John Rogers’s dispatch from Tehran, 12 February 1979, via Reuters

John Rogers, one of News-Decoder’s correspondents, was a young reporter for Reuters in 1979 when events in Iran changed the face of that country, the Middle East and the world.

Rogers witnessed the collapse of the Shah’s royal regime, which crumbled when guerrillas and rebel troops overwhelmed troops loyal to the monarch, bringing the leader of the Islamic opposition, Ayatollah Ruhollah Khomeini, to power.

The Iranian Revolution reshaped that ancient nation and the Middle East. Its shock waves continue to reverberate through geopolitics. Even today, the United States is leading a conference in Warsaw that has Iran as the main focus and which critics say will only drive Washington and Tehran — antagonists since the Revolution — farther apart.

Below are some of John Rogers’s reflections on the Revolution, 40 years on.

By John Rogers

Random reflections and questions about the momentous events in Iran four decades ago:

  • It was a genuine revolution, overthrowing an authoritarian ruler (himself established in power by a coup in 1953). It had backing from the people and the armed forces and established a new system of government, as did the French (1789) and Russian (1917) revolutions.
  • One can query whether the Shah would have been overthrown if the figurehead of the Islamic opposition, Ayatollah Ruhollah Khomeini, had not been an impressive physical presence and had not been exiled thousands of kilometres away in France before returning.
  • Heavy-handed security under the Shah fuelled the opposition movement (notably the Jaleh Square massacre in Teheran in September 1978, where soldiers shot dead some 80 protesters and wounded more than 200 people).
  • Martial law and night-time curfews in Teheran (where chants of “Allahu-Akbar,” or “God is great,” echoed through the streets the nights before Khomeini’s return) also helped fuel the opposition.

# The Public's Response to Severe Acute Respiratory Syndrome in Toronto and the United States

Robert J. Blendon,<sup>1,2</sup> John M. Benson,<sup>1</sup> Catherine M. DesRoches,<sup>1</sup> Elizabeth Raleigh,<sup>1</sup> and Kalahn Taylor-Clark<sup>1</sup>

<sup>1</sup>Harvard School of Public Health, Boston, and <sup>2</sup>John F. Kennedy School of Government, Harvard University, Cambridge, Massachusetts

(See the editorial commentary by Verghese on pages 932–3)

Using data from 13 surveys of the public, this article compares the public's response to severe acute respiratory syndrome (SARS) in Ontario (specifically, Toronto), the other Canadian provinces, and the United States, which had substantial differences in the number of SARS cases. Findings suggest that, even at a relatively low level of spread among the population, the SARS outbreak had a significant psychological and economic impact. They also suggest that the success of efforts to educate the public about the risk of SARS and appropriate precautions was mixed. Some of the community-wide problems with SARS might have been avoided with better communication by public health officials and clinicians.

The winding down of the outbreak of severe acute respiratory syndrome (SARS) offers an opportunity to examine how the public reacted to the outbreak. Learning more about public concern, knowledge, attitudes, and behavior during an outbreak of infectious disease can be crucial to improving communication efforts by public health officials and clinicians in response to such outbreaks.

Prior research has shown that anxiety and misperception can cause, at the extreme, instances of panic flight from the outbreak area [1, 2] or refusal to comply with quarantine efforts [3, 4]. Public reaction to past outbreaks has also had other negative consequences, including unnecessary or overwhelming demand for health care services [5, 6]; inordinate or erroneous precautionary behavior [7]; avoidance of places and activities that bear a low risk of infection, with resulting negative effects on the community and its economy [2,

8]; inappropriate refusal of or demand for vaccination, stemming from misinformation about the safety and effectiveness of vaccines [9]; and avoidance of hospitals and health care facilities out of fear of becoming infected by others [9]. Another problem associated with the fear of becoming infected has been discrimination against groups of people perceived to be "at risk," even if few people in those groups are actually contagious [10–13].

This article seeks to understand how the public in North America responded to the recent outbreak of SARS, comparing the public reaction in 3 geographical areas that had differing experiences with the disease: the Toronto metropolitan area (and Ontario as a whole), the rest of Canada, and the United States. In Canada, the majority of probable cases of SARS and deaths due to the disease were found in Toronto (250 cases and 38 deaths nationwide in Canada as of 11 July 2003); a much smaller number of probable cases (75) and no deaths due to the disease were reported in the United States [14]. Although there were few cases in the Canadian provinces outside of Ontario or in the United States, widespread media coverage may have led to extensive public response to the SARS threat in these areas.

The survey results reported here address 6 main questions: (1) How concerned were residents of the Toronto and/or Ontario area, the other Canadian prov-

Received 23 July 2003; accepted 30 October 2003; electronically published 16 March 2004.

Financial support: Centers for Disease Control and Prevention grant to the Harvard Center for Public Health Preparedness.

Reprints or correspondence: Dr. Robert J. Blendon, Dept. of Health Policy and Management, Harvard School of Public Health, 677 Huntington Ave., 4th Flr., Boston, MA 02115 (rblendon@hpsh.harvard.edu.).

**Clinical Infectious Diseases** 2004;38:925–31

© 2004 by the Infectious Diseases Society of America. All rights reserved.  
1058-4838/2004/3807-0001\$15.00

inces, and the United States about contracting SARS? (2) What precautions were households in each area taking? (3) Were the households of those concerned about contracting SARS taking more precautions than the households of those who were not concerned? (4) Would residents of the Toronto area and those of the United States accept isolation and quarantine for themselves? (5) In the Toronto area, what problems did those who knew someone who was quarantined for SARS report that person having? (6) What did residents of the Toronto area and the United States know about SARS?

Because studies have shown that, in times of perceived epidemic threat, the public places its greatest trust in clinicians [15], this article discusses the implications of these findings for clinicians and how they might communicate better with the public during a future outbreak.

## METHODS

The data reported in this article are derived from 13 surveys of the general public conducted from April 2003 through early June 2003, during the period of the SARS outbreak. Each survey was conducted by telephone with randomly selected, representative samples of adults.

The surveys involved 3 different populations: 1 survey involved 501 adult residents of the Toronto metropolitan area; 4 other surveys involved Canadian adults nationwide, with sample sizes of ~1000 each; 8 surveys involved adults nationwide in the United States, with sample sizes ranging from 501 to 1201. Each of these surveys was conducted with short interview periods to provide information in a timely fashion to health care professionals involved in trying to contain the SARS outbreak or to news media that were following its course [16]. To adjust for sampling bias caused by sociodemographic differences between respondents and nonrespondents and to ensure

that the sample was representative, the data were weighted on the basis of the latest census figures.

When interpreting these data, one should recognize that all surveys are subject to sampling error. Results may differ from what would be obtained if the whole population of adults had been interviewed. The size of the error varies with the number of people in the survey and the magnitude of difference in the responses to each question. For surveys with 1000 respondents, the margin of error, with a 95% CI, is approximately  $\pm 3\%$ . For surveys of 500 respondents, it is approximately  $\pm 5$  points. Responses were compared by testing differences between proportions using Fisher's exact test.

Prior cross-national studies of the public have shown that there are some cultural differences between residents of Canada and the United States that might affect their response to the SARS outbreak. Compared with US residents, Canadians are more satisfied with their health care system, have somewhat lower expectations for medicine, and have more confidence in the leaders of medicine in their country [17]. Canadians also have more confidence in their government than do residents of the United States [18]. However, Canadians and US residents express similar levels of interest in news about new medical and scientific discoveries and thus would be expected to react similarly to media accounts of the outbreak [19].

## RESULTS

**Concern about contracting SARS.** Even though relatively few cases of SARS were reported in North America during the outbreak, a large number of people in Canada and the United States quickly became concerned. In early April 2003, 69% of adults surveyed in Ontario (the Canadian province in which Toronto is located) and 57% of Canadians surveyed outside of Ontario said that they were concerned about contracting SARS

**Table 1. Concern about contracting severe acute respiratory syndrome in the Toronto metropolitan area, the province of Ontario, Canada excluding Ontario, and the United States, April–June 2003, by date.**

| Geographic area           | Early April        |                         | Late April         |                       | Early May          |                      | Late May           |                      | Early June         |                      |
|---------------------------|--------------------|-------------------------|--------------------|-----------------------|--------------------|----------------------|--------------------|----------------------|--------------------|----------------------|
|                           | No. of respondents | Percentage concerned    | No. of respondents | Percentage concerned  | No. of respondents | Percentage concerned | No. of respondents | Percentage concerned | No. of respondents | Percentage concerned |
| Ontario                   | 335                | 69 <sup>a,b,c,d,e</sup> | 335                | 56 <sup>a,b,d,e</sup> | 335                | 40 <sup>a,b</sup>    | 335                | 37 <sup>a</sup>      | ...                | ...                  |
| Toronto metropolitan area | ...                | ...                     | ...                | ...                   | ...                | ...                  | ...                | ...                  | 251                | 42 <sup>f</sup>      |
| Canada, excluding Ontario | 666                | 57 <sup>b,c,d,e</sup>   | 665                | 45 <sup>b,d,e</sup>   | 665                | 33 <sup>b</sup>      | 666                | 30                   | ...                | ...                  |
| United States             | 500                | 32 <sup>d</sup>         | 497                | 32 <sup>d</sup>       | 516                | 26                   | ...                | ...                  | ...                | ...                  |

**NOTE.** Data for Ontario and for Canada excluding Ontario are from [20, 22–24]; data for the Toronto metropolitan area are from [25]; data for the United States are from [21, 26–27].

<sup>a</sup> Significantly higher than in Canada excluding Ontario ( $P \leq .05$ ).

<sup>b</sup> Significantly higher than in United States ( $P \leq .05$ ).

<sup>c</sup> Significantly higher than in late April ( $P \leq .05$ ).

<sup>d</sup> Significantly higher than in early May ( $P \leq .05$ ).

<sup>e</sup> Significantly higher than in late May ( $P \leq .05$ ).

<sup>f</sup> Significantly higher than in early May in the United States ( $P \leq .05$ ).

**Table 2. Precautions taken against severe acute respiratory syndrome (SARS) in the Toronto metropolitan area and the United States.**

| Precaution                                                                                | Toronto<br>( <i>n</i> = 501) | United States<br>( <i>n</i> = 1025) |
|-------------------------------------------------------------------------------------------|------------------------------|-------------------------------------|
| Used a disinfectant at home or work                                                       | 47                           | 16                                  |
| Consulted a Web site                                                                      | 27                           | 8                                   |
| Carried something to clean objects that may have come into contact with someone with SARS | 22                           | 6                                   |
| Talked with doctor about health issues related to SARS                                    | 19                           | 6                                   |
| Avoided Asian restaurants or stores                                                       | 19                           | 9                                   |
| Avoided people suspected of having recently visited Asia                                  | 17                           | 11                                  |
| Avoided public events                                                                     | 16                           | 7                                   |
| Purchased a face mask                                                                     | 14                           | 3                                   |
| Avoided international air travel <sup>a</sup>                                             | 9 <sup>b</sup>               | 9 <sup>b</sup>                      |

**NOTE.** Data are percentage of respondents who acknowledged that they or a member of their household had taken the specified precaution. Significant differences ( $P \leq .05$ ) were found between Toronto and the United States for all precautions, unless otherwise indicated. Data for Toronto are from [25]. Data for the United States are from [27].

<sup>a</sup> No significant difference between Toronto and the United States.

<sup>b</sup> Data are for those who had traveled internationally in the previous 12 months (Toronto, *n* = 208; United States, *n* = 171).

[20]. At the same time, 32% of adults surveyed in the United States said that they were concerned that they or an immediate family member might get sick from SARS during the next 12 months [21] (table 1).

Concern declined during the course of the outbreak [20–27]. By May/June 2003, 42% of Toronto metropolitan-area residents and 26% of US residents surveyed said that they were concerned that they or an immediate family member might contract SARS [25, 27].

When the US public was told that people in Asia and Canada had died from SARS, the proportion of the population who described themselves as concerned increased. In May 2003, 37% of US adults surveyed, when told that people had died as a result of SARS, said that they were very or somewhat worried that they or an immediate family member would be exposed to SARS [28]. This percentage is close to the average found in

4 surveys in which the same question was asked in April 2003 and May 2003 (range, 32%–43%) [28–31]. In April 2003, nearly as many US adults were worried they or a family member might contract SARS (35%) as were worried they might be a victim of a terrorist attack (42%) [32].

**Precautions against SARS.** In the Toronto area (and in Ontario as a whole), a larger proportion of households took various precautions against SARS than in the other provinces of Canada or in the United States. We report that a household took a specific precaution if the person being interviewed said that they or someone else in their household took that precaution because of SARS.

• Many Western journalists and officials read the revolution wrong, failing to realise the powerful attraction for many Iranians of a republic based on religion. When Khomeini returned to Iran from France, many expected a liberal, social democratic government to emerge from the revolution. Wishful thinking? In the Islamic Republic, the first prime minister, Mehdi Bazargan, who would have fitted that profile, lasted only nine months. He resigned after militant students took over the U.S. Embassy, seizing 52 hostages. The anti-Western, fundamentalist colours of the new rulers had become clear.


  1. Why did Iranians rise up against the Shah?
  2. Why are Iran and the United States enemies?
  3. What are some similarities and differences between the Iranian, French and Russian revolutions?

John Rogers worked for more than 35 years as a Reuters correspondent, bureau chief or editor, with postings in India, Algeria, Thailand, Iran, Canada, Egypt and Vietnam, and stints as London-based diplomatic correspondent and senior desk editor in London and Washington. His biggest story was the 1978-79 revolution in Iran. In retirement, he taught an undergraduate course on International News at City University, London, from 2004 to 2012.

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HistoryThe Iranian Revolution remembered, 40 years on
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